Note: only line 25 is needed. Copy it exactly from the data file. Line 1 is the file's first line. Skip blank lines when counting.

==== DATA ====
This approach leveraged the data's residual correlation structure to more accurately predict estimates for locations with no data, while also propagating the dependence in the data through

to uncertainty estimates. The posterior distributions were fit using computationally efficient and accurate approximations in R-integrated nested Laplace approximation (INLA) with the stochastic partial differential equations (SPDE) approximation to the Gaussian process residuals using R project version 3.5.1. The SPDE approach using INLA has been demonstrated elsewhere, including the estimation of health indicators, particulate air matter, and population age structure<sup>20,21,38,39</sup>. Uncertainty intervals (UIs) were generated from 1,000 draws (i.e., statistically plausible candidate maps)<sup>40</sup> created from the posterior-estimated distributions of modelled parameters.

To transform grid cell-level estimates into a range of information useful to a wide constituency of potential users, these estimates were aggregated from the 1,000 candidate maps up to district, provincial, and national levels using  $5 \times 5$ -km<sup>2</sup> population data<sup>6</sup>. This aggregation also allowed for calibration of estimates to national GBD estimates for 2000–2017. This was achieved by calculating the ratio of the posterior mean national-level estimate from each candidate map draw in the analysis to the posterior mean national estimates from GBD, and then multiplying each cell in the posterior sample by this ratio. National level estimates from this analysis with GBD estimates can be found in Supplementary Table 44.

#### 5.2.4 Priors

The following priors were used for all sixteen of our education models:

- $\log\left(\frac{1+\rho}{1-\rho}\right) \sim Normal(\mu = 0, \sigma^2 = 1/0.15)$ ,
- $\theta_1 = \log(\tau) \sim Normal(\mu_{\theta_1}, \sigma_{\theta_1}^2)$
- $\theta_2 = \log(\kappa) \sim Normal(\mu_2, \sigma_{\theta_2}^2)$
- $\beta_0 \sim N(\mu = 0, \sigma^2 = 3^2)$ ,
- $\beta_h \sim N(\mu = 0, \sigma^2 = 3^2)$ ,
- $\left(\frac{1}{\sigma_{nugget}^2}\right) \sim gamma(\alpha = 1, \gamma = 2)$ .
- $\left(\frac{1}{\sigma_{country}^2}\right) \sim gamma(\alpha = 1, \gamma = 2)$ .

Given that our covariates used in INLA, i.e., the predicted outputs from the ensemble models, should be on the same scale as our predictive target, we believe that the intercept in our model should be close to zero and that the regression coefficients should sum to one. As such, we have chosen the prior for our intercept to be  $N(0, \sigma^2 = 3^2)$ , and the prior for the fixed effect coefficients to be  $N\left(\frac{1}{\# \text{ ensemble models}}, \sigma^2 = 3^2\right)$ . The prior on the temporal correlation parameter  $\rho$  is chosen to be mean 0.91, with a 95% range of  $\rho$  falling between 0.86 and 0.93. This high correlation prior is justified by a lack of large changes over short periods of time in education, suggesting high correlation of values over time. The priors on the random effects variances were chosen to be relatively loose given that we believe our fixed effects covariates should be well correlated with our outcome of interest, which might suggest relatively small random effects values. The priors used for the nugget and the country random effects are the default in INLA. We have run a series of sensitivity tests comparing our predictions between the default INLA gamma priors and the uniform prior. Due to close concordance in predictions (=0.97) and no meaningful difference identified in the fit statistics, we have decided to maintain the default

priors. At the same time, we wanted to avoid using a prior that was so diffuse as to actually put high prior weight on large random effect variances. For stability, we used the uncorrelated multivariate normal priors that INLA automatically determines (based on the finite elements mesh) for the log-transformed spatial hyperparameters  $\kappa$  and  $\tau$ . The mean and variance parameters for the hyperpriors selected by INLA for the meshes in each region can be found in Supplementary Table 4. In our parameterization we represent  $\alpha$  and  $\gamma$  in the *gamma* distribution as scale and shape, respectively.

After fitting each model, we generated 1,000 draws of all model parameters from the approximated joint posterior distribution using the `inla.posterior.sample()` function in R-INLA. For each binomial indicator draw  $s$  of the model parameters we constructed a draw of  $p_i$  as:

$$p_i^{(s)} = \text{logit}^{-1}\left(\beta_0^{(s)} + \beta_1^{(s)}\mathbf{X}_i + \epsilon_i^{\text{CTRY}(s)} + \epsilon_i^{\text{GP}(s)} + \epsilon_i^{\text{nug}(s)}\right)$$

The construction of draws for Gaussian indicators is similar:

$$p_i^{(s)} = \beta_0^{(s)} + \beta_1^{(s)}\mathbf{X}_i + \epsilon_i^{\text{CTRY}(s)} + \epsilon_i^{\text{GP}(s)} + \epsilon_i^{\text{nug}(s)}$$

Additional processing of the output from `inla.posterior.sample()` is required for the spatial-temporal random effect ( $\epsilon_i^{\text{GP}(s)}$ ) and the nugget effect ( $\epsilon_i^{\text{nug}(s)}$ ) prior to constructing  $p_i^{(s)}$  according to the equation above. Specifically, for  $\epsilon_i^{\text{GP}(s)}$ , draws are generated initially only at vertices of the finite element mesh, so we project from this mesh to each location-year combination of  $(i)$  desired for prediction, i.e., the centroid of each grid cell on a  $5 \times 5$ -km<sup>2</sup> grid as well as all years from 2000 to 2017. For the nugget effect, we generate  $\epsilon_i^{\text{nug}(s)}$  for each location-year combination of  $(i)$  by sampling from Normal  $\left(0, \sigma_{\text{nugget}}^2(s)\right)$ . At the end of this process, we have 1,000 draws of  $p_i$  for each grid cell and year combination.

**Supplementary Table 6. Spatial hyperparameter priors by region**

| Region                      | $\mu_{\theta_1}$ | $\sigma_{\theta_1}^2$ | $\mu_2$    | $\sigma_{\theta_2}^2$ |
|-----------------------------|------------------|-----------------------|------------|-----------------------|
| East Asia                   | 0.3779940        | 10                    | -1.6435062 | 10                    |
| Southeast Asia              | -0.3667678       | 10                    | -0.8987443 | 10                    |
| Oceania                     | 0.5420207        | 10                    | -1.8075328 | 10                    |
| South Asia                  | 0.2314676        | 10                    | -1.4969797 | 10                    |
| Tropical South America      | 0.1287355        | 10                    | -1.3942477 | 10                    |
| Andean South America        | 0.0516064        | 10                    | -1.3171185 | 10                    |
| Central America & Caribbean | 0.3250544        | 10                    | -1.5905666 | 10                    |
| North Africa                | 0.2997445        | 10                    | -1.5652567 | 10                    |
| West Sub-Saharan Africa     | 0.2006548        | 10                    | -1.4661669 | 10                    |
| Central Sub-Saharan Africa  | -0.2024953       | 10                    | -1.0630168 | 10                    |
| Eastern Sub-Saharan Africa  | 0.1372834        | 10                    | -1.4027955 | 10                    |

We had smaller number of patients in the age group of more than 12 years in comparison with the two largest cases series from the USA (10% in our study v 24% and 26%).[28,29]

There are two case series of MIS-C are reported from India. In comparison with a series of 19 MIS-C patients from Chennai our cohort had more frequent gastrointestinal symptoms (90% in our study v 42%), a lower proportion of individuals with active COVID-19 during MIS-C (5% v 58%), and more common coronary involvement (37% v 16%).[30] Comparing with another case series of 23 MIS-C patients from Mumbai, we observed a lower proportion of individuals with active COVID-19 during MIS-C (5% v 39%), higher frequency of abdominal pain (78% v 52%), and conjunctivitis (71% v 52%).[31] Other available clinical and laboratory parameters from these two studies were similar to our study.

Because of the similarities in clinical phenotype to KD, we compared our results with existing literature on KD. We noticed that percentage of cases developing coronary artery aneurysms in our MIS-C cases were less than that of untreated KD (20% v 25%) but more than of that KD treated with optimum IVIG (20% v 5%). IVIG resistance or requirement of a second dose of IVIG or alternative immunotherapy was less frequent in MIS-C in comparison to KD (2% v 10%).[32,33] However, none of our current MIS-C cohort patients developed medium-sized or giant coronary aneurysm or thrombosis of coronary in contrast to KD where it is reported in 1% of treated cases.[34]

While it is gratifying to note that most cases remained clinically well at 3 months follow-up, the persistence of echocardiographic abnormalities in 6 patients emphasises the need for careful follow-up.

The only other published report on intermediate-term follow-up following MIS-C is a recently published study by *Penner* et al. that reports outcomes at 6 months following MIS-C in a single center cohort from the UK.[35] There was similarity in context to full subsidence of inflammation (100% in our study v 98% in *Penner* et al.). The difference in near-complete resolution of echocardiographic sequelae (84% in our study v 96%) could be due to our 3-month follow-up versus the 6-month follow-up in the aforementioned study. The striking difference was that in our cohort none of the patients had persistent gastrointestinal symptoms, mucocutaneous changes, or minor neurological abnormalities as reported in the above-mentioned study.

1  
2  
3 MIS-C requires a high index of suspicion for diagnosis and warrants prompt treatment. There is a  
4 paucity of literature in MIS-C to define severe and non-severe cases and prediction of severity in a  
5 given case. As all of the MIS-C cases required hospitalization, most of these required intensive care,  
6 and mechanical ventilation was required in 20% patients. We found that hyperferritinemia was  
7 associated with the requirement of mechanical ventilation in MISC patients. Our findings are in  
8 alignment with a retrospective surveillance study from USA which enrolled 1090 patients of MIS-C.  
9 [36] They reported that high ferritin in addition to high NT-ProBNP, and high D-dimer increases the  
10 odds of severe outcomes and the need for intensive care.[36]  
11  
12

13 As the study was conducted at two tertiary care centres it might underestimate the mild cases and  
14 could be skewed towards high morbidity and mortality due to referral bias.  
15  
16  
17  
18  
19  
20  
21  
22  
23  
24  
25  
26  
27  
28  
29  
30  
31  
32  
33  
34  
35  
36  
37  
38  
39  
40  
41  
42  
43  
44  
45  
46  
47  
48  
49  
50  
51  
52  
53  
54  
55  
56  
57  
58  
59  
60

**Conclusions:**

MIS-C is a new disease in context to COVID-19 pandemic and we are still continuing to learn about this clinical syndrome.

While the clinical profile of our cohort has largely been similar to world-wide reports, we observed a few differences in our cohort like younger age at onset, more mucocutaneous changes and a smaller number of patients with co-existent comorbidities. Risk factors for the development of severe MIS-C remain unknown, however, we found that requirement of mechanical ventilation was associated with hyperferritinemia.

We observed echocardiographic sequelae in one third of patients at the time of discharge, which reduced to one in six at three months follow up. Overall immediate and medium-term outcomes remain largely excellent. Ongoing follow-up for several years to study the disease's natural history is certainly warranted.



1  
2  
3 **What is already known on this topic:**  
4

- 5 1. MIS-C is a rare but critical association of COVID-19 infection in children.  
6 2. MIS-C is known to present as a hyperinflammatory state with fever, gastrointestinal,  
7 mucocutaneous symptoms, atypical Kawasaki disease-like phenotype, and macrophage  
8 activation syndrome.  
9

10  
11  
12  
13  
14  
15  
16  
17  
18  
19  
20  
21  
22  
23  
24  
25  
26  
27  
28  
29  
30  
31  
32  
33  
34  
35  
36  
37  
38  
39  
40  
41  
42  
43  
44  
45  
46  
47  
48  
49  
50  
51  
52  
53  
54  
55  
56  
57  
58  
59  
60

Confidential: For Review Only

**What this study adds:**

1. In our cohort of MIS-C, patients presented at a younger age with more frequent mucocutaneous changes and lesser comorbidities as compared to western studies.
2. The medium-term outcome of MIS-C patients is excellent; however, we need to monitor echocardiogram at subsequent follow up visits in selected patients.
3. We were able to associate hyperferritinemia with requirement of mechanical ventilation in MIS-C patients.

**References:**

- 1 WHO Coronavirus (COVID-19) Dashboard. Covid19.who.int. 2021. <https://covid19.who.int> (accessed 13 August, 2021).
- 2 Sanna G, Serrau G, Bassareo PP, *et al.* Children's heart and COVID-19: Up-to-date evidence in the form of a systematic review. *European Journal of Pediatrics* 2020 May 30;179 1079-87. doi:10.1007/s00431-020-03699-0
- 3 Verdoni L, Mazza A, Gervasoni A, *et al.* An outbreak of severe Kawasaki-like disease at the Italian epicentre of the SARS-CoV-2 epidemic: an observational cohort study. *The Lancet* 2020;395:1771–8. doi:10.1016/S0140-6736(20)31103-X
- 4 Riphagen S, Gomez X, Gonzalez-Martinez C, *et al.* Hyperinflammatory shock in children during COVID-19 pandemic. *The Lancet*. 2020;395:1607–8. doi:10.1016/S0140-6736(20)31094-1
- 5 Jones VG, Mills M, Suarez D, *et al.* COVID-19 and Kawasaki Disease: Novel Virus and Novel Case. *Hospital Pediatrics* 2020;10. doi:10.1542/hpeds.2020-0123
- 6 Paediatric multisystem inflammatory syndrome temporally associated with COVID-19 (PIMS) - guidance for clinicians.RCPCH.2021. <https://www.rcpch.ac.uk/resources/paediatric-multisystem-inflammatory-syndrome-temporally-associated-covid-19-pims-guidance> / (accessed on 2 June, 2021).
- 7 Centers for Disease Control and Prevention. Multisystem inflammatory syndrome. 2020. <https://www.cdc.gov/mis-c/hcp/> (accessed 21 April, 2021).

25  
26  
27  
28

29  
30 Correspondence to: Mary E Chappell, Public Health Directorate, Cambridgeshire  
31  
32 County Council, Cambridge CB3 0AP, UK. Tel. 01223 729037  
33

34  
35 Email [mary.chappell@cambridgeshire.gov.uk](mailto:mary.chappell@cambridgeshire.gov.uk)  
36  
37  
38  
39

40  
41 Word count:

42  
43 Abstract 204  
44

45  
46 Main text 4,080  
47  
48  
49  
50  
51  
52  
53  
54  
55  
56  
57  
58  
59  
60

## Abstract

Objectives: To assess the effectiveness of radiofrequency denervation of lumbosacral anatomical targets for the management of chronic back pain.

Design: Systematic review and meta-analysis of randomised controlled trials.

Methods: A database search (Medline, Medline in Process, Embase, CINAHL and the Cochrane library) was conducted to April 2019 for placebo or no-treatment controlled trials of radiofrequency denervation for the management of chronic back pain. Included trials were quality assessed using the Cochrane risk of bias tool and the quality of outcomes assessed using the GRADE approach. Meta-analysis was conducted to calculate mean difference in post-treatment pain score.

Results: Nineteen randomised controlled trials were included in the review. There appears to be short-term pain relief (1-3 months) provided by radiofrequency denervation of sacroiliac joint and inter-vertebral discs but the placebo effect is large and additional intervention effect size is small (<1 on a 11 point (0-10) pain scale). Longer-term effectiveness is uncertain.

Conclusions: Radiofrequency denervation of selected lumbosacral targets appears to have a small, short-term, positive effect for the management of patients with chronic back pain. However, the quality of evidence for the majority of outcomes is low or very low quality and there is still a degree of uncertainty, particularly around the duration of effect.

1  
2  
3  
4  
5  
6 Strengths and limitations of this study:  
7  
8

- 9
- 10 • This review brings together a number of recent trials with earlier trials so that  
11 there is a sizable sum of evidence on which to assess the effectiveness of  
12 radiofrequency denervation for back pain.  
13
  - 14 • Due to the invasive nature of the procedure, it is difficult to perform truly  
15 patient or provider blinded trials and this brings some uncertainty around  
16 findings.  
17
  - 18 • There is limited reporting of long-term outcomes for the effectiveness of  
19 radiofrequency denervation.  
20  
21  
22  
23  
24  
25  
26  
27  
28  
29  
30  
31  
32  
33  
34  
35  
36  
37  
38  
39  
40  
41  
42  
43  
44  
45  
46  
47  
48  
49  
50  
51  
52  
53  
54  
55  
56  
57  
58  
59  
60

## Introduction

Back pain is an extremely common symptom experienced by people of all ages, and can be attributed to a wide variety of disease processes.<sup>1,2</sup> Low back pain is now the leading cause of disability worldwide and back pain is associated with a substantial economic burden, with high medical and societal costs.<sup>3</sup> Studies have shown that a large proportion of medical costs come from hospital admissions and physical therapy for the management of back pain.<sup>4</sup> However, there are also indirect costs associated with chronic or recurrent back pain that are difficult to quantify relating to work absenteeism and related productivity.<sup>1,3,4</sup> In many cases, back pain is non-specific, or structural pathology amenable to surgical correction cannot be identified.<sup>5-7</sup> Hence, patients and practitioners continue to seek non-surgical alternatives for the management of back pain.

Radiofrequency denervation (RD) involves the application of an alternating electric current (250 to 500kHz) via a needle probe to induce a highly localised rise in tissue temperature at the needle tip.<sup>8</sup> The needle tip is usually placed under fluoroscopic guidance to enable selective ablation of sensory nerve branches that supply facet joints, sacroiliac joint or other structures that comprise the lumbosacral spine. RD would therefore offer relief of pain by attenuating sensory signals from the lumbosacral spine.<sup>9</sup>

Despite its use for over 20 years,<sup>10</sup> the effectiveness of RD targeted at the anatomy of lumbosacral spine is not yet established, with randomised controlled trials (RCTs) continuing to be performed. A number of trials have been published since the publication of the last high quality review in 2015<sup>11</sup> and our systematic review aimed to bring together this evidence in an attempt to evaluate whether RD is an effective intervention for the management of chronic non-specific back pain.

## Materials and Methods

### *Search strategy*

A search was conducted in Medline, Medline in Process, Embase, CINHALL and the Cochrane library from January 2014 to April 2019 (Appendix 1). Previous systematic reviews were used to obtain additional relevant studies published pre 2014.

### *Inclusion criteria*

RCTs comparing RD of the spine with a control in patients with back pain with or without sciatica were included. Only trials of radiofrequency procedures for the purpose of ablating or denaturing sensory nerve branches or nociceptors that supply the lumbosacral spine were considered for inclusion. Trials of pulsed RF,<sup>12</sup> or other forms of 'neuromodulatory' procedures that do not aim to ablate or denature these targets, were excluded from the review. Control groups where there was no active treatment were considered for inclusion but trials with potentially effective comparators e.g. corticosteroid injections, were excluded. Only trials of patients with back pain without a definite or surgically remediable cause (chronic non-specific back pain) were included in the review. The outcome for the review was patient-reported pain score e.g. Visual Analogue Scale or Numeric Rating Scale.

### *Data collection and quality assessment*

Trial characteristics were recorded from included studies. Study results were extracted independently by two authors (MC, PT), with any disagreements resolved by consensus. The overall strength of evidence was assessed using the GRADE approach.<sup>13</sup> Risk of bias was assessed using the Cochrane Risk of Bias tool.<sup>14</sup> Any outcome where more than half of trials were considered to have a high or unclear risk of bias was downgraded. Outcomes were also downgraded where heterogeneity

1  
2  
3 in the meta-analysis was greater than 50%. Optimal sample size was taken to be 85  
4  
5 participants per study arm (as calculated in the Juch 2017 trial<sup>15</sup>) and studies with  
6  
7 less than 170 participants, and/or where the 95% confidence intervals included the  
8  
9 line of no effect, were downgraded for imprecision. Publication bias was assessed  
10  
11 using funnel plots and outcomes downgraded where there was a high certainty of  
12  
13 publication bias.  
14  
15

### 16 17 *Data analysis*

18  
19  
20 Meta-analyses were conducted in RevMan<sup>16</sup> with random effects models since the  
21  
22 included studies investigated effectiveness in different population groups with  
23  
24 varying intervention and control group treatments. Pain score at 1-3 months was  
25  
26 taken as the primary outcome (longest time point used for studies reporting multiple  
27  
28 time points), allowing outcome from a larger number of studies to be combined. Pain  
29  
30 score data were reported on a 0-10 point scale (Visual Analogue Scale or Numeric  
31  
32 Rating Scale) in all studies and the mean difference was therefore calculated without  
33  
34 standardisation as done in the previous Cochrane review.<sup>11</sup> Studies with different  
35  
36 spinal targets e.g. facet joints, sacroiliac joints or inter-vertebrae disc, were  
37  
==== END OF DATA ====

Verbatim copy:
| Oceania                     | 0.5420207        | 10                    | -1.8075328 | 10                    |